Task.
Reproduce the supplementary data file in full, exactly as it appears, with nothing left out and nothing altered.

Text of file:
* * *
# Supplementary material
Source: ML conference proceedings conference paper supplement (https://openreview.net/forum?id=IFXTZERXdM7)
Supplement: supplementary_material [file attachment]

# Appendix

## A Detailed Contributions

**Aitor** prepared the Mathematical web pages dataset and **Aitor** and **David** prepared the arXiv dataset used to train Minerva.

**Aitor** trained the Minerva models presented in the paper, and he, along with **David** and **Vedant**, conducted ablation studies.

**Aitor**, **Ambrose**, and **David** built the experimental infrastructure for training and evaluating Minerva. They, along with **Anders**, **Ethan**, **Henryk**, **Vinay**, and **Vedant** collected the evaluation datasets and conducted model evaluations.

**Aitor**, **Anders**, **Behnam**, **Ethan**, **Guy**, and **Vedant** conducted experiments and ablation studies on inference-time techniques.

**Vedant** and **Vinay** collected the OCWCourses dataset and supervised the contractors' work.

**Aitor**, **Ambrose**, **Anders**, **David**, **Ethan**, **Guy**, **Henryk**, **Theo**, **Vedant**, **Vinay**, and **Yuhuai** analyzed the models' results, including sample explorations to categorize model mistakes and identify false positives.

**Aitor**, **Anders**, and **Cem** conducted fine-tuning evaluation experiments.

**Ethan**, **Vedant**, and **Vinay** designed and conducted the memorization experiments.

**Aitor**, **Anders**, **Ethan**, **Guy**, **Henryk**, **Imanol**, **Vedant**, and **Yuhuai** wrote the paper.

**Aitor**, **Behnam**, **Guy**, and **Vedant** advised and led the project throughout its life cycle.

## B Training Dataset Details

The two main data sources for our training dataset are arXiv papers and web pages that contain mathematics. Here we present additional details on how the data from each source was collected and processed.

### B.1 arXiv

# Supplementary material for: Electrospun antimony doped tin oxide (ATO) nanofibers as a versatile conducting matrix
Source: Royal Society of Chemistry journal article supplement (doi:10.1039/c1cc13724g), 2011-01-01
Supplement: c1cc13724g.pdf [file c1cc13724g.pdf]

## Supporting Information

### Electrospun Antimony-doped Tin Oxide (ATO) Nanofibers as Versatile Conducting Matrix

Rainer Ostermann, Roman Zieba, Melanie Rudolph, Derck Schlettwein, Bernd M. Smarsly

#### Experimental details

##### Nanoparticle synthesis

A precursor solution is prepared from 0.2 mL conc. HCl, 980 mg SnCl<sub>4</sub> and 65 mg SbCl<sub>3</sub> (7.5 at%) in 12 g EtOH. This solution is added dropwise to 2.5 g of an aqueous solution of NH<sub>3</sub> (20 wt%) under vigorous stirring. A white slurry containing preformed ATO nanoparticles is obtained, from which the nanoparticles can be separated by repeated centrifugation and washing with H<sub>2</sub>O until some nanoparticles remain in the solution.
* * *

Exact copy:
# Supplementary material
Source: ML conference proceedings conference paper supplement (https://openreview.net/forum?id=IFXTZERXdM7)
Supplement: supplementary_material [file attachment]

# Appendix

## A Detailed Contributions

**Aitor** prepared the Mathematical web pages dataset and **Aitor** and **David** prepared the arXiv dataset used to train Minerva.

**Aitor** trained the Minerva models presented in the paper, and he, along with **David** and **Vedant**, conducted ablation studies.

**Aitor**, **Ambrose**, and **David** built the experimental infrastructure for training and evaluating Minerva. They, along with **Anders**, **Ethan**, **Henryk**, **Vinay**, and **Vedant** collected the evaluation datasets and conducted model evaluations.

**Aitor**, **Anders**, **Behnam**, **Ethan**, **Guy**, and **Vedant** conducted experiments and ablation studies on inference-time techniques.

**Vedant** and **Vinay** collected the OCWCourses dataset and supervised the contractors' work.

**Aitor**, **Ambrose**, **Anders**, **David**, **Ethan**, **Guy**, **Henryk**, **Theo**, **Vedant**, **Vinay**, and **Yuhuai** analyzed the models' results, including sample explorations to categorize model mistakes and identify false positives.

**Aitor**, **Anders**, and **Cem** conducted fine-tuning evaluation experiments.

**Ethan**, **Vedant**, and **Vinay** designed and conducted the memorization experiments.

**Aitor**, **Anders**, **Ethan**, **Guy**, **Henryk**, **Imanol**, **Vedant**, and **Yuhuai** wrote the paper.

**Aitor**, **Behnam**, **Guy**, and **Vedant** advised and led the project throughout its life cycle.

## B Training Dataset Details

The two main data sources for our training dataset are arXiv papers and web pages that contain mathematics. Here we present additional details on how the data from each source was collected and processed.

### B.1 arXiv

# Supplementary material for: Electrospun antimony doped tin oxide (ATO) nanofibers as a versatile conducting matrix
Source: Royal Society of Chemistry journal article supplement (doi:10.1039/c1cc13724g), 2011-01-01
Supplement: c1cc13724g.pdf [file c1cc13724g.pdf]

## Supporting Information

### Electrospun Antimony-doped Tin Oxide (ATO) Nanofibers as Versatile Conducting Matrix

Rainer Ostermann, Roman Zieba, Melanie Rudolph, Derck Schlettwein, Bernd M. Smarsly

#### Experimental details

##### Nanoparticle synthesis

A precursor solution is prepared from 0.2 mL conc. HCl, 980 mg SnCl<sub>4</sub> and 65 mg SbCl<sub>3</sub> (7.5 at%) in 12 g EtOH. This solution is added dropwise to 2.5 g of an aqueous solution of NH<sub>3</sub> (20 wt%) under vigorous stirring. A white slurry containing preformed ATO nanoparticles is obtained, from which the nanoparticles can be separated by repeated centrifugation and washing with H<sub>2</sub>O until some nanoparticles remain in the solution.